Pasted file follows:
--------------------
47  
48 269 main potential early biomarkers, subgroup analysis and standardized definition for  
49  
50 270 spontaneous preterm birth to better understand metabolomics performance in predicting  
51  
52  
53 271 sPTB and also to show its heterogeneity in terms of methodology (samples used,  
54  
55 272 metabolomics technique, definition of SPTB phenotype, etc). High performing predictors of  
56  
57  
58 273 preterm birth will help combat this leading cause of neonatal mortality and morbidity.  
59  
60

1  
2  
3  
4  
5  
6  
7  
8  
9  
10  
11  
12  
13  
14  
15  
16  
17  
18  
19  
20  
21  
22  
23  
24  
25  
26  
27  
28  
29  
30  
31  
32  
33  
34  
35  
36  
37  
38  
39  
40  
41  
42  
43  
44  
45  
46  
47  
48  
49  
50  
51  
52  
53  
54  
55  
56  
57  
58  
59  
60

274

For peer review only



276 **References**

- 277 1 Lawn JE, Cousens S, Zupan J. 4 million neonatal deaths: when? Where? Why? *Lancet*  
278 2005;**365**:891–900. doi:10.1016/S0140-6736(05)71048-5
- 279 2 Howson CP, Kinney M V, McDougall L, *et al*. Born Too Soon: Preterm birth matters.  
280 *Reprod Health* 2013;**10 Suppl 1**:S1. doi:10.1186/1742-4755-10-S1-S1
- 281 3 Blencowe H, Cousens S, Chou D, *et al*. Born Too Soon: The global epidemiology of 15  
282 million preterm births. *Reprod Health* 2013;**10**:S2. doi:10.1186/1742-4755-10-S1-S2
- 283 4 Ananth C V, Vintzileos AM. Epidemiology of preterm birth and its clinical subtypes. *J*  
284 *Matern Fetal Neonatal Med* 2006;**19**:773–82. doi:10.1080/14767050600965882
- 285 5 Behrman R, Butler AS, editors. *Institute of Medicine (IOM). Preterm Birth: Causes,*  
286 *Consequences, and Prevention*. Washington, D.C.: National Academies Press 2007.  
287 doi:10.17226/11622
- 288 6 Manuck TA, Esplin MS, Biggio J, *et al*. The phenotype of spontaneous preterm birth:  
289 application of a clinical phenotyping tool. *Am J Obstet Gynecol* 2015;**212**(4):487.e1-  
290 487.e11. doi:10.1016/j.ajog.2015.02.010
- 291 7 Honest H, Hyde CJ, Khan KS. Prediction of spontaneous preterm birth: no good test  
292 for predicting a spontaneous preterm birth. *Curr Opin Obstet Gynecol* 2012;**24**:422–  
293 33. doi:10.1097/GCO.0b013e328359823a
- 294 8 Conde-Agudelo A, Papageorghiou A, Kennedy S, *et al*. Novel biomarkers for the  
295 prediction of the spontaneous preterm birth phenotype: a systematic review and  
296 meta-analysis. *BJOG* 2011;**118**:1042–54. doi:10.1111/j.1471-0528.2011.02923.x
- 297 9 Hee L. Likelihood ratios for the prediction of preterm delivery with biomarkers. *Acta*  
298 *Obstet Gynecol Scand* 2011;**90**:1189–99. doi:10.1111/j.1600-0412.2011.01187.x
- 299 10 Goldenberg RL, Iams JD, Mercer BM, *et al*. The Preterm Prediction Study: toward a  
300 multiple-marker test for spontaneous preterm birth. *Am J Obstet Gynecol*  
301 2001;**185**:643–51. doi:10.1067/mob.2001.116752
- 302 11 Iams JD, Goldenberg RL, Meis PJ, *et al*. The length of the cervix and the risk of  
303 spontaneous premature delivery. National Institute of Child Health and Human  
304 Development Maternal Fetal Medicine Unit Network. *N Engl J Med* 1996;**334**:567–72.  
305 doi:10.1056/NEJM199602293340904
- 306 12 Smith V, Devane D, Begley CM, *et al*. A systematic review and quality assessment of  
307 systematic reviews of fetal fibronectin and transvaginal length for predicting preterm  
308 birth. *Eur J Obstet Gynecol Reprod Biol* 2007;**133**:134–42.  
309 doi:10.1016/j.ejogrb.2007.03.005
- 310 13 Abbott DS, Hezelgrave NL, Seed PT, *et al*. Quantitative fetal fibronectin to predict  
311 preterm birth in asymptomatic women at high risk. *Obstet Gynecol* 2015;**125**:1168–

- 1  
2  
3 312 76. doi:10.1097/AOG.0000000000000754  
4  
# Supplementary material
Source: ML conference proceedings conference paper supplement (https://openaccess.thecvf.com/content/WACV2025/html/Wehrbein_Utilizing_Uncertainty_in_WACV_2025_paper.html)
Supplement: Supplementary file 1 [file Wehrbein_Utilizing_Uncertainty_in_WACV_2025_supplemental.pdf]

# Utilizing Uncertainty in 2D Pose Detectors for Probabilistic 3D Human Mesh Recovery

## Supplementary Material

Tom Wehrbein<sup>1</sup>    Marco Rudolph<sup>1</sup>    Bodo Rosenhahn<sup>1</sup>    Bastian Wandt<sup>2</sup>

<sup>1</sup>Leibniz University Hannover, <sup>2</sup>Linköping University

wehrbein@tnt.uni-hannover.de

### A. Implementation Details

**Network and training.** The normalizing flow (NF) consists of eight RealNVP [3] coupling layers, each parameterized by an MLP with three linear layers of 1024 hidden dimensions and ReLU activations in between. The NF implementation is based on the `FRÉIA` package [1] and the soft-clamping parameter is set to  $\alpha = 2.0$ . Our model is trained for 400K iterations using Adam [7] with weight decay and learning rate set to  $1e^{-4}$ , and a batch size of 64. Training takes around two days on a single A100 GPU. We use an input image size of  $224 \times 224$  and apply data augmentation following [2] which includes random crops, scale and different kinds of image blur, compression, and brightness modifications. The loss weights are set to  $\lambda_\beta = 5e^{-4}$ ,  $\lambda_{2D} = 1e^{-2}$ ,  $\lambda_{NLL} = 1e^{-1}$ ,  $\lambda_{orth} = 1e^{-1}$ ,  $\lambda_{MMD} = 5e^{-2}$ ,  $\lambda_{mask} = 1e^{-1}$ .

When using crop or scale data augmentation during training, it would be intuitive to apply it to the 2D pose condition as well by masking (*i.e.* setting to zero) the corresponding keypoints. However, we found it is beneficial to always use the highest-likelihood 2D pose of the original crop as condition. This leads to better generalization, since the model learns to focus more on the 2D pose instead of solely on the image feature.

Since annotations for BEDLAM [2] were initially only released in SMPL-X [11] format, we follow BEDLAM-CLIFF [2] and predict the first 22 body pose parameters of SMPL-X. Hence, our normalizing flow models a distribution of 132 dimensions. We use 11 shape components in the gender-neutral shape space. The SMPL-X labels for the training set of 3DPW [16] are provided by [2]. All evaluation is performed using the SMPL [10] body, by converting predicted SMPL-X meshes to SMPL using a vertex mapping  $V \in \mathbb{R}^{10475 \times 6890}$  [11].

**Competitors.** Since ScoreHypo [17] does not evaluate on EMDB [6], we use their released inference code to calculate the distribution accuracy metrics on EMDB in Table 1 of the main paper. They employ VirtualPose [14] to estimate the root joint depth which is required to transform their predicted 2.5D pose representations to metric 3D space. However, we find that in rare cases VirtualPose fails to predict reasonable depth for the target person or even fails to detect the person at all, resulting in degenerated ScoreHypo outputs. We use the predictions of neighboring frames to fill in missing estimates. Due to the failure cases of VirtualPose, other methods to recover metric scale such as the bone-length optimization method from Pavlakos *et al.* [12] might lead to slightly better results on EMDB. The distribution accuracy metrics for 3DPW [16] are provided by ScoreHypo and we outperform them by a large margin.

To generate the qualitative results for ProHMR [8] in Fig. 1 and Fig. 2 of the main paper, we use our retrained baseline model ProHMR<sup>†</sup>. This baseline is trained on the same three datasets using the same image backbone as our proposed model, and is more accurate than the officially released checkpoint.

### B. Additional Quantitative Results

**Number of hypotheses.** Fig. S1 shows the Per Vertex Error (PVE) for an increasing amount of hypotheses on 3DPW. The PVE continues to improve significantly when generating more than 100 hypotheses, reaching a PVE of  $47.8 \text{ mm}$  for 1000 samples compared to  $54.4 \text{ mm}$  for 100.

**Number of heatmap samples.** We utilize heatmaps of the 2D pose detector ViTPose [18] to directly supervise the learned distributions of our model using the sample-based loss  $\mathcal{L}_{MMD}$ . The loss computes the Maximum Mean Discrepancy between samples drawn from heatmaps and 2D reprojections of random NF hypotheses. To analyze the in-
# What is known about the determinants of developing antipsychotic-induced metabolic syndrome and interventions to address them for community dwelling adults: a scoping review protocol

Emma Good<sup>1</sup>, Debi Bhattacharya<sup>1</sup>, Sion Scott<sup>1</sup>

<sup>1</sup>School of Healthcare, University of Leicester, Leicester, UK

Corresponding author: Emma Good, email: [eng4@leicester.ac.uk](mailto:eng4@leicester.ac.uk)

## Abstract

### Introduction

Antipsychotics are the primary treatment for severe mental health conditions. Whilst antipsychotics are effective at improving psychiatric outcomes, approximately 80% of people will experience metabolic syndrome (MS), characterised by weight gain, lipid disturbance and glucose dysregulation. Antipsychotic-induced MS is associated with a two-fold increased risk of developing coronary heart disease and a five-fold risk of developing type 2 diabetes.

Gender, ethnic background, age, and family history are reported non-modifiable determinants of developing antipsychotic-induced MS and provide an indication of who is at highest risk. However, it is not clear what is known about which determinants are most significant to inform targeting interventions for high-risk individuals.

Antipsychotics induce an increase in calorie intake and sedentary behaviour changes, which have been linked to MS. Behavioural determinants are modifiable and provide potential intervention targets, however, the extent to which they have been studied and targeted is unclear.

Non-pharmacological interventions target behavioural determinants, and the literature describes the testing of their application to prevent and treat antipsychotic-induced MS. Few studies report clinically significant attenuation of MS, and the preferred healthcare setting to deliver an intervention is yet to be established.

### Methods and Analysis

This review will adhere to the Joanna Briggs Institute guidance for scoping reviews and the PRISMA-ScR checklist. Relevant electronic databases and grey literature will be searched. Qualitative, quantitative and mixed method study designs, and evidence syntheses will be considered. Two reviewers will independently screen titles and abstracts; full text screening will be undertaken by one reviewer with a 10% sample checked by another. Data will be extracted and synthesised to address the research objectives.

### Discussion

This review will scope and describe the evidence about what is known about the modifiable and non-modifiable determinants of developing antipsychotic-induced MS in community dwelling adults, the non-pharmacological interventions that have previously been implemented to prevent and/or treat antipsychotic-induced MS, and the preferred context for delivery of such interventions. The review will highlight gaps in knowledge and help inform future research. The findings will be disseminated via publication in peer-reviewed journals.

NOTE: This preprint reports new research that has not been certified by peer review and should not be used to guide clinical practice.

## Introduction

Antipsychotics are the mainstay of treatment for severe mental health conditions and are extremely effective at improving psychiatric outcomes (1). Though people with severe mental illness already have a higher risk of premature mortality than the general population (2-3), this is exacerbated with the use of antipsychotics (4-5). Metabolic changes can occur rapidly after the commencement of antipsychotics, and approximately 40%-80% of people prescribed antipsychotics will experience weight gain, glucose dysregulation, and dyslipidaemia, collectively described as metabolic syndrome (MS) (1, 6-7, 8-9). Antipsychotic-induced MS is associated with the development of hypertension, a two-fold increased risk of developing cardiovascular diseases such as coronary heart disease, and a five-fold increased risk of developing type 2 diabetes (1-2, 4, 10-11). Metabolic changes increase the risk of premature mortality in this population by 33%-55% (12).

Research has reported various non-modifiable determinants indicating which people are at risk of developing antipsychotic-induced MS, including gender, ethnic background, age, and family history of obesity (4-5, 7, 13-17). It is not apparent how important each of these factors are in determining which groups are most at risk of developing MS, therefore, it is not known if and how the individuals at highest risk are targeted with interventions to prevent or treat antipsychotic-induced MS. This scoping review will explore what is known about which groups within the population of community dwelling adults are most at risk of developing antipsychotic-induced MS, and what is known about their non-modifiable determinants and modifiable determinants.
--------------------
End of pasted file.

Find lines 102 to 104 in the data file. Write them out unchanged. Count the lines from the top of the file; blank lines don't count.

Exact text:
301 2001;**185**:643–51. doi:10.1067/mob.2001.116752
- 302 11 Iams JD, Goldenberg RL, Meis PJ, *et al*. The length of the cervix and the risk of  
303 spontaneous premature delivery. National Institute of Child Health and Human  